What is an open plea (AKA a "straight up plea") in Florida?
***This is meant to be informational only and not legal advice. Be sure to speak to an attorney about your unique situation. Do not rely on anything said here to make a decision in your case***
In Sarasota, a defendant facing criminal charges generally has several options. The first, and most common, is to accept the plea offer that the State (prosecutor) makes. If you have hired an attorney, the attorney will likely try to get a better offer by negotiating with the State; this is what is referred to as "plea bargaining". If you are unwilling to accept the State's offer before or after plea negotiations, then you are left with two final options. The most common of these options is taking your case to trial and letting a jury decide your guilt or innocence. A less common, but available option, is to open plea in front of the judge.
An open plea is also known as a "straight up plea" or simply as "throwing oneself on the mercy of the Court." When you open plea you are essentially putting the entire outcome of the case into the judge's hands. The judge will listen to argument from your attorney and from the prosecutor. You will have the opportunity to speak to the judge and call friends, family or co-workers, if you like.
After listening to the defense and the prosecutor, the judge will rule. The judge can sentence you to anything from the minimum sentence allowed by law up to the maximum sentence allowed by law. Open pleas can be very risky because the judge can essentially do whatever he or she wants within the confines of the law.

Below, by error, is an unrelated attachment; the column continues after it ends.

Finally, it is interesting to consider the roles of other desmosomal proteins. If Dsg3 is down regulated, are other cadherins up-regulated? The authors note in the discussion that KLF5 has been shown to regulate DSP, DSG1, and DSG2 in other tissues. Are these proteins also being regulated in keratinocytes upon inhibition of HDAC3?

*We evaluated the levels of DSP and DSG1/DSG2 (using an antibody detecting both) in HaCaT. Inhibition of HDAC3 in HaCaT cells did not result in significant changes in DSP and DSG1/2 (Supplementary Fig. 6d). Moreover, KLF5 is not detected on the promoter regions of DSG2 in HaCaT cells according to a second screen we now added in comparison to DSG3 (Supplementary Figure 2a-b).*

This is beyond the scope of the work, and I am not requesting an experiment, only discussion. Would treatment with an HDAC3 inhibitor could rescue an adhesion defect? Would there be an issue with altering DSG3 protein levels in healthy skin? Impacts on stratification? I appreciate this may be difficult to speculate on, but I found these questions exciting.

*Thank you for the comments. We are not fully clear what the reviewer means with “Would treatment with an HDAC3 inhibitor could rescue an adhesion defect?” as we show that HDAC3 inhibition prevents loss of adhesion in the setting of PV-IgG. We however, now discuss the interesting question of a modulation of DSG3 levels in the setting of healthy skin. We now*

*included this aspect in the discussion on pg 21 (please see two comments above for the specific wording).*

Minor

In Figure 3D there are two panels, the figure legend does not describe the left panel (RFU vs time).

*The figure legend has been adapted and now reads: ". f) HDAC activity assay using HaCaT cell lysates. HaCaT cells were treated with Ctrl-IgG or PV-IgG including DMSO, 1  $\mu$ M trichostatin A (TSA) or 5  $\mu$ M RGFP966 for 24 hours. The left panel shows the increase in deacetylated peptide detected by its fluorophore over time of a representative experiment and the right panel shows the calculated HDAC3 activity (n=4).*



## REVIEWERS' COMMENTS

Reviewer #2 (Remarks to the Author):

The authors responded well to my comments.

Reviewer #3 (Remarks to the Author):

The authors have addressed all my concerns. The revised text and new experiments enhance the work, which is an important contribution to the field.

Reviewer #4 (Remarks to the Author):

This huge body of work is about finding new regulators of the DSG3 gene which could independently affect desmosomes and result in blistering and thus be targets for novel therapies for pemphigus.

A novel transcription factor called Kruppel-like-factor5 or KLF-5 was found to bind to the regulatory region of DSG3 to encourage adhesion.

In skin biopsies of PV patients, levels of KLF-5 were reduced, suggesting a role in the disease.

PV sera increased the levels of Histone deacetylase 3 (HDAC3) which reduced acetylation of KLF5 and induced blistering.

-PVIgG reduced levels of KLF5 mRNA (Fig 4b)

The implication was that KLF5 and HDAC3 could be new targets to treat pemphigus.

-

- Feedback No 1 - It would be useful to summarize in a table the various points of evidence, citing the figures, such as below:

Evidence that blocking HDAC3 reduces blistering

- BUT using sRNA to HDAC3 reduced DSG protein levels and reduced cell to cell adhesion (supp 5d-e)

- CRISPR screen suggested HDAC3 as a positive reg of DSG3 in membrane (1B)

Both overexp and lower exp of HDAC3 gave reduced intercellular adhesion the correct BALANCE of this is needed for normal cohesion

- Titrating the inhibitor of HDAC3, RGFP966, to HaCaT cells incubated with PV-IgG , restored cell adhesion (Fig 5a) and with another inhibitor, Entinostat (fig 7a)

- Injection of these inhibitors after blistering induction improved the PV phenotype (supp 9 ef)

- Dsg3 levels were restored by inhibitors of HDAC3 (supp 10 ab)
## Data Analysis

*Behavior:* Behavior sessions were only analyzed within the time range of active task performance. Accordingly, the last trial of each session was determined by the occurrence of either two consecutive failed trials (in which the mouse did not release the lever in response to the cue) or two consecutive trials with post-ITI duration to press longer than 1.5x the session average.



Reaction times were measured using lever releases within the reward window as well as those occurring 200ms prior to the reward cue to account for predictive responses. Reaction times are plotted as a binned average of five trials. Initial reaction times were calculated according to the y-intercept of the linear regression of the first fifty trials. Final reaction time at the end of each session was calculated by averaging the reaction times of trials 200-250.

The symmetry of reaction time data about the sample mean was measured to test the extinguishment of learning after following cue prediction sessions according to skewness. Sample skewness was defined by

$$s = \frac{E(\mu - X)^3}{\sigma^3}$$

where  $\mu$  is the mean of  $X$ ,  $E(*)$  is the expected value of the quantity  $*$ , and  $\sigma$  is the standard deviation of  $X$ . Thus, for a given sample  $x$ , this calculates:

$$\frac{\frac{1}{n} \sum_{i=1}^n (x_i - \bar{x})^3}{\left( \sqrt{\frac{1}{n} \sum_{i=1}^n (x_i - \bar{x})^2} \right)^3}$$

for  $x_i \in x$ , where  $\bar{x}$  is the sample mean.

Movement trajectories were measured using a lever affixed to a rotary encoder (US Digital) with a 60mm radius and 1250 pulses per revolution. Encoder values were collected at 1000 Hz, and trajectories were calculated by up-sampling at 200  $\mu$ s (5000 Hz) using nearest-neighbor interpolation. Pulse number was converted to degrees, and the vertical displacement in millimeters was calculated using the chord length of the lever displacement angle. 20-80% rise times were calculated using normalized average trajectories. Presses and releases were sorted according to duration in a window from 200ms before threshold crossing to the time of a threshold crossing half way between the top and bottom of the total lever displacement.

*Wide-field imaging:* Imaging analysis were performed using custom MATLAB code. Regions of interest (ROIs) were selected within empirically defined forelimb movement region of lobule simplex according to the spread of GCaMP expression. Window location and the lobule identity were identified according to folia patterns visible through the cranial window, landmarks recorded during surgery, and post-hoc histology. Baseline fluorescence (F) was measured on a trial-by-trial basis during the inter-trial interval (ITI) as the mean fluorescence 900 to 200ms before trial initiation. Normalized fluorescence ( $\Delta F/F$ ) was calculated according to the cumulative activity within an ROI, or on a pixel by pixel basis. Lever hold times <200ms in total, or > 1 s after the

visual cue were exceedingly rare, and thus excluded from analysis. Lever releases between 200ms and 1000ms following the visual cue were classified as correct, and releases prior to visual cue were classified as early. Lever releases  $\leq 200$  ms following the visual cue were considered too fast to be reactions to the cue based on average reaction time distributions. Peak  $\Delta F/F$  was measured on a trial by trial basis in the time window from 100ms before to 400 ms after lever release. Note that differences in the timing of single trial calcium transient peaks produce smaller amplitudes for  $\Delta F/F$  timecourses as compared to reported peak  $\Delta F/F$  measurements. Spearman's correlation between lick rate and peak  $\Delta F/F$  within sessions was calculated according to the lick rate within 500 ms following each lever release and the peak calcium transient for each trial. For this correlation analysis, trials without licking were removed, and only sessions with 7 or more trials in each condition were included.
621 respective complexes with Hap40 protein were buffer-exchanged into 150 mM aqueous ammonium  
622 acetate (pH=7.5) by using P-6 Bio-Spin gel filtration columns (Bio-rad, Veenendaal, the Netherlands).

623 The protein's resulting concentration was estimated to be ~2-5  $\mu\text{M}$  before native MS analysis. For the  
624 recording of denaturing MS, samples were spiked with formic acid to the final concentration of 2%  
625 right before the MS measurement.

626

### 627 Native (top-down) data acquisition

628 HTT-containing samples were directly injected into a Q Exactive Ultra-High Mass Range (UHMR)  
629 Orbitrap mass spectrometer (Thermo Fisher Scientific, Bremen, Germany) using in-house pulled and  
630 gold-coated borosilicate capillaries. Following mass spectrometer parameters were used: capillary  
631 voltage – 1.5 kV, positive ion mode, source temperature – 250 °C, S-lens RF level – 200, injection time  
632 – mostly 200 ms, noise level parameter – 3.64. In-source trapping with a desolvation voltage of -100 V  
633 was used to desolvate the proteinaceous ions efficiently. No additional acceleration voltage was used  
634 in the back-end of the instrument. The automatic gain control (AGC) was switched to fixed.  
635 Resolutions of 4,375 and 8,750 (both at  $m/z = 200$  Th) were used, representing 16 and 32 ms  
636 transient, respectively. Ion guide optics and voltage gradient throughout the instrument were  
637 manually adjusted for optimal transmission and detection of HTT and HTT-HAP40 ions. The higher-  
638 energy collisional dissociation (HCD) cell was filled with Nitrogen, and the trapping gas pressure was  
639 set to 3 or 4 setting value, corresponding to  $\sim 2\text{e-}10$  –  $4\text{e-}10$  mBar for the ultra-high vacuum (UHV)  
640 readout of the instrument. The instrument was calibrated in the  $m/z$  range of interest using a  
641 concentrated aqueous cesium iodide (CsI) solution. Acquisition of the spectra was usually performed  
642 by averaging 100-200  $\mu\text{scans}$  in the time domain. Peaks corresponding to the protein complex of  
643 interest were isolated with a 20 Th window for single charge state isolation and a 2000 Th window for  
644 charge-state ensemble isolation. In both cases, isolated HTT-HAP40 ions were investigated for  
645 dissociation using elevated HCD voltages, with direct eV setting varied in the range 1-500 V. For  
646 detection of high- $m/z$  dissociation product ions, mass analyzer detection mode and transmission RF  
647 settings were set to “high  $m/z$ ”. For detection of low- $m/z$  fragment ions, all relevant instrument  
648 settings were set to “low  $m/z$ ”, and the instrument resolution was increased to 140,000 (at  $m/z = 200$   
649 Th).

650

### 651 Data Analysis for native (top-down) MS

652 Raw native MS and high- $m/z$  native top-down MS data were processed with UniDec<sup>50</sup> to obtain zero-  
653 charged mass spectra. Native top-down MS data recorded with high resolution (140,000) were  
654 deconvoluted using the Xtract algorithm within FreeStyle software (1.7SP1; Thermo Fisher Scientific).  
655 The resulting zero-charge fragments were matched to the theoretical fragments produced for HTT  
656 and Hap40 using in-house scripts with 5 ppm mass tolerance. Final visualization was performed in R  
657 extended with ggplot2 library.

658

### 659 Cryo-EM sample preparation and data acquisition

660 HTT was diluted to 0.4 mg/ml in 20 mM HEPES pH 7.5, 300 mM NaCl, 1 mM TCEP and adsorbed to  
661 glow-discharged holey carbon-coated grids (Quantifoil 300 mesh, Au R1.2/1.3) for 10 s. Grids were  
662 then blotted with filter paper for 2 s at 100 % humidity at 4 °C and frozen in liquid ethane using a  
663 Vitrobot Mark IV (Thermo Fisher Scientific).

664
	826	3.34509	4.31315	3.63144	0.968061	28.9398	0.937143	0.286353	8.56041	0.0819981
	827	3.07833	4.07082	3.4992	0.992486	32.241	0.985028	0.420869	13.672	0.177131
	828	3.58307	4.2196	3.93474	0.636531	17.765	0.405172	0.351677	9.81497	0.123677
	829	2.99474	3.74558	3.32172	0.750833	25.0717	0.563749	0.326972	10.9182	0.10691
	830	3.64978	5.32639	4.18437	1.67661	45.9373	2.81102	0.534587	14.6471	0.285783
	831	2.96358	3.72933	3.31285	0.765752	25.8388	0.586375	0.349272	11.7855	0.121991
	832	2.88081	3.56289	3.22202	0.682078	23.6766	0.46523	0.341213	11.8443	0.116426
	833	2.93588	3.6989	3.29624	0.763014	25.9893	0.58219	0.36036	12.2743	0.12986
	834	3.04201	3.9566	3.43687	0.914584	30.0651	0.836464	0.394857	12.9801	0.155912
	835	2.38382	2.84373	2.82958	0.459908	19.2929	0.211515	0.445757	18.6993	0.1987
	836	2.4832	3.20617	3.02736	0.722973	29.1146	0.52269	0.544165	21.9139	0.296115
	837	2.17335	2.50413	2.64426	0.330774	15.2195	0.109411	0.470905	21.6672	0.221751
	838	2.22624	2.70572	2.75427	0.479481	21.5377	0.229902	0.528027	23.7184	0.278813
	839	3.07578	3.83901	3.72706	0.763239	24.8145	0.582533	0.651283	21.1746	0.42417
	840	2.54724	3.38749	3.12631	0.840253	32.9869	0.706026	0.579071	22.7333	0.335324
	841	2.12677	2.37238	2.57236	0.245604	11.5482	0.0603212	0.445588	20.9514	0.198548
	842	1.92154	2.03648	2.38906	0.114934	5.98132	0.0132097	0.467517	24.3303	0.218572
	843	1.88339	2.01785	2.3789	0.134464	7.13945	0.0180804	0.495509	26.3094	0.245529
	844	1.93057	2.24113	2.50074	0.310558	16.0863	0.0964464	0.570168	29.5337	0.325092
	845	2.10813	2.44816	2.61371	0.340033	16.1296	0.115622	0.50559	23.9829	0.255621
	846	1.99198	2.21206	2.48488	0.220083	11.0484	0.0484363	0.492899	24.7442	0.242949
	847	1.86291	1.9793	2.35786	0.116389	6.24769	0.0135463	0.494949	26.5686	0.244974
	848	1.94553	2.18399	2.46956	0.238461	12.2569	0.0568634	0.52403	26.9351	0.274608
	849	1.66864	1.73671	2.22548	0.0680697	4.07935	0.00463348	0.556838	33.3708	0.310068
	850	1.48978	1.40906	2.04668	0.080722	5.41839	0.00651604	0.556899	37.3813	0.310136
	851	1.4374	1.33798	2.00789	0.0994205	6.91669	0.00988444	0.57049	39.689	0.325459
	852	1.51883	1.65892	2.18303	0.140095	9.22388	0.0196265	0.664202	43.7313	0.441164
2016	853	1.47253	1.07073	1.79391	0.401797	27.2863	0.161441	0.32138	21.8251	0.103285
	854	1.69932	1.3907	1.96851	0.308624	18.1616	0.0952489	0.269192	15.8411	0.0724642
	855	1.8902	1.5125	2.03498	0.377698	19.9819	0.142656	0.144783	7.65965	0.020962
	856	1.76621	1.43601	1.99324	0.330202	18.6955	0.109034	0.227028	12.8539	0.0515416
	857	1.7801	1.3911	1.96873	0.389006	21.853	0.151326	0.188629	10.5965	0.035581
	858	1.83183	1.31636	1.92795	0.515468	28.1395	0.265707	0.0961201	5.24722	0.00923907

Should I open plea?
An open plea is usually an option of last resort. It is usually preferable to try to work out a deal with the State by negotiating for a better offer. This is because if the State is in agreement with the defense there is more certainty as to the outcome—you will usually know before going to court what sentence you will receive.
Obviously, you only want to open plea to a judge that likes open pleas! Some judges despise them. Others like them because (among many reasons) it quickly clears a case off their docket, freeing up their schedule.
It is wise to do a little research about your judge to try to determine how your judge has ruled in similar circumstances. Judges, like anyone else, can feel strongly about certain issues. You would obviously not open plea a DUI before a judge who is known to sentence the maximum for DUI's. On the other hand, there are judges who tend to favor rehabilitation over incarceration. If you want to avoid jail with a rehab program, and the state is demanding jail, you may want to consider an open plea before the judge.
What NOT to do at an open plea?
An open plea is a time to express humility and remorse. It is NOT the time to complain to the judge about cops, the prosecutor, or how the system has treated you unfairly. The judge will be listening to your argument and the argument of the prosecutor, your job is to convince the judge to rule in your favor--not to convince him or her that the system is broken.
Do not dress poorly. Be sure to show respect to the judge by dressing in your best for court. Also, you do not want to appear in any way disrespectful. Be sure to show respect, even while the prosecutor is speaking.
What the law firm of Soler & Simon can do for you
It is extremely important to be thoroughly prepared for an open plea. Open pleas can be practiced. The more you prepare and practice, the more comfortable you will feel in front of the judge.
It is important that the substance of what you plan on saying to the judge be reviewed by your attorney. Believe it or not, people hurt their cases quite frequently by saying things that angers the judge.
As mentioned above, there are some judges you would absolutely not open plea in front of. There are others who may be sympathetic to you and your situation. We can point you in the right direction.
Last, but not least, we can thoroughly analyze your case to determine if an open plea is your best course of action.
Call Soler & Simon at (941) 444-5128 for a free consultation and case analysis. Also, visit our homepage to learn more about our defense attorneys and how they defend criminal cases in Sarasota and Bradenton, FL.